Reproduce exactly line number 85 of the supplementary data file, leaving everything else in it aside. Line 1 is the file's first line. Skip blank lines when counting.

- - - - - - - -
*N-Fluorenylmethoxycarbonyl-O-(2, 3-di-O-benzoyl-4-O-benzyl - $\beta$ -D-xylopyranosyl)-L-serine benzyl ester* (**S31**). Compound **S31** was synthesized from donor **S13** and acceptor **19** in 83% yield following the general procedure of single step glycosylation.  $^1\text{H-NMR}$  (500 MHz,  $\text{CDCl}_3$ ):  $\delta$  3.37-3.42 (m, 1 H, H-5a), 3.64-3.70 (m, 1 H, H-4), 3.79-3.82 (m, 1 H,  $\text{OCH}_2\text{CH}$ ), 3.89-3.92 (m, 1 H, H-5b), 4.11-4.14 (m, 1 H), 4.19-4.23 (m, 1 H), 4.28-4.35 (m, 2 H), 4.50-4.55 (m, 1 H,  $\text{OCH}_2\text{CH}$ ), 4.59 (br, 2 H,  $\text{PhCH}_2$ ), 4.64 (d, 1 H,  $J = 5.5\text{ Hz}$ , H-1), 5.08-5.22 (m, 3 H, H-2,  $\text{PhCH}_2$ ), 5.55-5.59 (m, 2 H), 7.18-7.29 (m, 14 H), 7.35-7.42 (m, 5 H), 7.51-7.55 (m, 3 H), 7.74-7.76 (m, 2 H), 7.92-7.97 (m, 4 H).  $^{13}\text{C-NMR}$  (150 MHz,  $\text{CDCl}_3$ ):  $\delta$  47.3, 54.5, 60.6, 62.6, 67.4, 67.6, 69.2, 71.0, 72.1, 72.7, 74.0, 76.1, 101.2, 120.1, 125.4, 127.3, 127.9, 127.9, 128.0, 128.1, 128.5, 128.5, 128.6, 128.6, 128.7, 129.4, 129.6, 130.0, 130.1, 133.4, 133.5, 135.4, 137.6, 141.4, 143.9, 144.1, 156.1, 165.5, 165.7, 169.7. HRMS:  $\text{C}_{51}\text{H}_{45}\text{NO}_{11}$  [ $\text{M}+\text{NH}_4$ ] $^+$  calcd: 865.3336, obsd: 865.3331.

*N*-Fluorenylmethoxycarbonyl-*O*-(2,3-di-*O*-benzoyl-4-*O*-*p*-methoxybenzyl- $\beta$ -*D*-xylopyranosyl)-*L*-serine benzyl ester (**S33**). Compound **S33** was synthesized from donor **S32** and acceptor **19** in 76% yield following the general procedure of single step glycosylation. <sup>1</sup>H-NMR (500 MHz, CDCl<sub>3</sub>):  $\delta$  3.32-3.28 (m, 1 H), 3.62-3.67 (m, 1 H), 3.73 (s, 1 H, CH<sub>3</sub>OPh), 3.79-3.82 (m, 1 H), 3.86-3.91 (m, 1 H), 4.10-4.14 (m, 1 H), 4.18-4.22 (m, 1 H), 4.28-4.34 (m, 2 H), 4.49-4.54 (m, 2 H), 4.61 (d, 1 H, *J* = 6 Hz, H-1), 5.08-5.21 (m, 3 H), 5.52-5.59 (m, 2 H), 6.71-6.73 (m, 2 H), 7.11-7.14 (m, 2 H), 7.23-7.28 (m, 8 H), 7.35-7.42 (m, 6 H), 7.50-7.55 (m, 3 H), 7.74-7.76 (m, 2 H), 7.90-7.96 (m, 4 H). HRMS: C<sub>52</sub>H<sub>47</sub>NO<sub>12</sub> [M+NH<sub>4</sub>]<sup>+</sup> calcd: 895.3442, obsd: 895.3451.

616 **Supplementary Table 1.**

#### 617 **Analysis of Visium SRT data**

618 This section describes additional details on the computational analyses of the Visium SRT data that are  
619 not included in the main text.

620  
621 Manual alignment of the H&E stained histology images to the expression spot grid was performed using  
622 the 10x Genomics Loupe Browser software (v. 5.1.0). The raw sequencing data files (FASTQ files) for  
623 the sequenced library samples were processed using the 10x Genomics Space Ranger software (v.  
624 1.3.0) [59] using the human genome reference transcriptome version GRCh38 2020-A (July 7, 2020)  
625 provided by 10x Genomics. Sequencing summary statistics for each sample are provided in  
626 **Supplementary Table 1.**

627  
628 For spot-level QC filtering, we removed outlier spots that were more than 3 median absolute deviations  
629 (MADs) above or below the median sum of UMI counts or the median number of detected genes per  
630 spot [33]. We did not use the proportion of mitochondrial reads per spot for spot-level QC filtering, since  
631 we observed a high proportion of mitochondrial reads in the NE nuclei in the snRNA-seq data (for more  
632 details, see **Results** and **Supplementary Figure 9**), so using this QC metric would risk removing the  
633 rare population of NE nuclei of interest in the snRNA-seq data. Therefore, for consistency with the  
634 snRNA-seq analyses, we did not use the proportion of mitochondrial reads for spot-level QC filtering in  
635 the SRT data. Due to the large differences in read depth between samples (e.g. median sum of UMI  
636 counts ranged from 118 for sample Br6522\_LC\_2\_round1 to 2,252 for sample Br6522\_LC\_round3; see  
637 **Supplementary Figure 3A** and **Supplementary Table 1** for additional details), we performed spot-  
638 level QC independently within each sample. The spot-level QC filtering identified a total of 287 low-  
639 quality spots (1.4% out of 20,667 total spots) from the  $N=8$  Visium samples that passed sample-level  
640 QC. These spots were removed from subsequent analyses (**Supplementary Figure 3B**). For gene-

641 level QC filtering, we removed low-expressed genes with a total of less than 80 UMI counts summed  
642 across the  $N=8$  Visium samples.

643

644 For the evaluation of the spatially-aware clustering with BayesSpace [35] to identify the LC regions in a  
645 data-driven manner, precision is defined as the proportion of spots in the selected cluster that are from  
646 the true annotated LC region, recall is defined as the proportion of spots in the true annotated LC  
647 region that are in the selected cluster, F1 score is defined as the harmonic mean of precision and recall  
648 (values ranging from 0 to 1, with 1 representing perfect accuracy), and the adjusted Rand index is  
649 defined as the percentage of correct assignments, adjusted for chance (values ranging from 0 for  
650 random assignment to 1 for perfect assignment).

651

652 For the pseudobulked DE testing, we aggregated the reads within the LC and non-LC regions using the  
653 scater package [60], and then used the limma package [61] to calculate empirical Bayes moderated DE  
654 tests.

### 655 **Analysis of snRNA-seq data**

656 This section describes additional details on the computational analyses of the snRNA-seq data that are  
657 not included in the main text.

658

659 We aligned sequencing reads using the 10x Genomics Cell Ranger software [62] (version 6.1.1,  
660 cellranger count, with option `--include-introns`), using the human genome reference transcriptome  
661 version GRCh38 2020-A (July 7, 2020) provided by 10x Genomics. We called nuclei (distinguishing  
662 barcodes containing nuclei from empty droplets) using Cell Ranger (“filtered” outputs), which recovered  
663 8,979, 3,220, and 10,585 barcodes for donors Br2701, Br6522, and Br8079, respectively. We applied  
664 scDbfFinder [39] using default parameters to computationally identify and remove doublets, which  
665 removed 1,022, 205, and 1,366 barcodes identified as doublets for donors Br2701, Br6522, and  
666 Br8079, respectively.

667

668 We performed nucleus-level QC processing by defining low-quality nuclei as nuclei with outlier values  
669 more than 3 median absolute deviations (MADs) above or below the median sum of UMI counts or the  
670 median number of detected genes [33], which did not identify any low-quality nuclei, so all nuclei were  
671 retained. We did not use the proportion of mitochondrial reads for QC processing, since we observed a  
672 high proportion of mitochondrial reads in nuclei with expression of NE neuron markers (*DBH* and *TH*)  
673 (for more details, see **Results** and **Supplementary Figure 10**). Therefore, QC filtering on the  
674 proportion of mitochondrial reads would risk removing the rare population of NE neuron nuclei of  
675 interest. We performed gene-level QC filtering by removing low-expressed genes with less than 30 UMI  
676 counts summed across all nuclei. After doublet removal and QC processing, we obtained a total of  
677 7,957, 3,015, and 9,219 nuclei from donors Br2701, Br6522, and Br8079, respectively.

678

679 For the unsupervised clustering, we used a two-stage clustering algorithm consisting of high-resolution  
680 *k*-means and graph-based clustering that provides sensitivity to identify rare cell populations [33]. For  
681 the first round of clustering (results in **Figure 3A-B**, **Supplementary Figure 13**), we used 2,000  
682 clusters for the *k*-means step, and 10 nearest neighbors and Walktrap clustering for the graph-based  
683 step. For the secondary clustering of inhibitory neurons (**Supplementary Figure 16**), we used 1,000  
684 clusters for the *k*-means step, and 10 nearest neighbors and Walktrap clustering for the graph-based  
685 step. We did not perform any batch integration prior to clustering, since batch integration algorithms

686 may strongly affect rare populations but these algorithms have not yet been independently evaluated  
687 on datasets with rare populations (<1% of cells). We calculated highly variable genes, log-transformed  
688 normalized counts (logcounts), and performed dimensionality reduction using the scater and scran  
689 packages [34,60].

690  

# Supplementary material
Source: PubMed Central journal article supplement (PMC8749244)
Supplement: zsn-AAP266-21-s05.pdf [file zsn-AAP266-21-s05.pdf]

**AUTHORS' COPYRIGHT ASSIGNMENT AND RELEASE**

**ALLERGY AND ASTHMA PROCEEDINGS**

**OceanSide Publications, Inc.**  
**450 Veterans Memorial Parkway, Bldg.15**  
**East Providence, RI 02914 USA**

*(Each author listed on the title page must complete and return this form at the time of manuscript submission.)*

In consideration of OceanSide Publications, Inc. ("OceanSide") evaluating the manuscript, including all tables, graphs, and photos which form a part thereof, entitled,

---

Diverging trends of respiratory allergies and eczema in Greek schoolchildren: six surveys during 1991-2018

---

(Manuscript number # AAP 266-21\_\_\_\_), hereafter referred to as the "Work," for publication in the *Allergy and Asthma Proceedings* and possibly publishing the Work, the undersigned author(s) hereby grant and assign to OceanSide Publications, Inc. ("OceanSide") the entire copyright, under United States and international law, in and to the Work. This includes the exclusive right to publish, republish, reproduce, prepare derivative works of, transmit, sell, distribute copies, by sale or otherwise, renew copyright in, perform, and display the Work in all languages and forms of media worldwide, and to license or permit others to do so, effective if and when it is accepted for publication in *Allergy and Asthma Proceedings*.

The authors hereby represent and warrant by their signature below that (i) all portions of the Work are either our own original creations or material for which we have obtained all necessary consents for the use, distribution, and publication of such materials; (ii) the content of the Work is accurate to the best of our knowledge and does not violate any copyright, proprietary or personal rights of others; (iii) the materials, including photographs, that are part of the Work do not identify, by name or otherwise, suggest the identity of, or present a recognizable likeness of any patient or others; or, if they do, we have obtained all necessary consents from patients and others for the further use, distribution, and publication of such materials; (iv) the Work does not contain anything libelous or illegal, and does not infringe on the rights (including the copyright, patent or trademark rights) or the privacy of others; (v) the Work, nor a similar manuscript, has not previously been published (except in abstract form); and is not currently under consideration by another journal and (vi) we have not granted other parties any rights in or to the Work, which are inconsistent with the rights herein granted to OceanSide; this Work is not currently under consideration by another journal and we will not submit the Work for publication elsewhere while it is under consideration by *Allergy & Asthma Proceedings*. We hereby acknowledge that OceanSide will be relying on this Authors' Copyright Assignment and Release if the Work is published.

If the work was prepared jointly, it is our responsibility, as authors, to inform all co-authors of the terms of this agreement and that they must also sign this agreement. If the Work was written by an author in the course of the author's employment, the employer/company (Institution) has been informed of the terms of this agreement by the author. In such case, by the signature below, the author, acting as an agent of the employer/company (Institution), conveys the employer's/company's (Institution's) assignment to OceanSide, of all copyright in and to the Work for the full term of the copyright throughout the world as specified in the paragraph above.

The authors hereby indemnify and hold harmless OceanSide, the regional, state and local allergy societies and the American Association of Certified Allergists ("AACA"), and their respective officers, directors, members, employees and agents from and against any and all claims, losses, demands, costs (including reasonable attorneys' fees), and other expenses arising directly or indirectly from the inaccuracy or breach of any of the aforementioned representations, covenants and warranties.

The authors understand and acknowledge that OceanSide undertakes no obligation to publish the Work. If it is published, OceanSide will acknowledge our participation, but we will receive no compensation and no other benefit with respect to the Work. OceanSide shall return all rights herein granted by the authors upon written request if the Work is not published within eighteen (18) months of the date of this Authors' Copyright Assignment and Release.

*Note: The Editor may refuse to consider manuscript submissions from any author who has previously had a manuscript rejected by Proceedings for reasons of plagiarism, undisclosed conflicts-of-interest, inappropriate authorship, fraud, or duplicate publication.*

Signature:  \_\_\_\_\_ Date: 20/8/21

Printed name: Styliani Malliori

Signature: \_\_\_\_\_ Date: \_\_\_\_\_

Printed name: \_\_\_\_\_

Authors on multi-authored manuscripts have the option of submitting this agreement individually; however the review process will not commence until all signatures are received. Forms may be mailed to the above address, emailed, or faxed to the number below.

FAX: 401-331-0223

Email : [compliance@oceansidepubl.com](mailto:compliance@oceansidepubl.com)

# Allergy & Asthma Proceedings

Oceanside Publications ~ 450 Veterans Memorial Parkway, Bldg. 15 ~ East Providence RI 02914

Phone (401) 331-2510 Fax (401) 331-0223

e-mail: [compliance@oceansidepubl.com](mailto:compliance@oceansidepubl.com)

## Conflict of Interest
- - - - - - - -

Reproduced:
**East Providence, RI 02914 USA**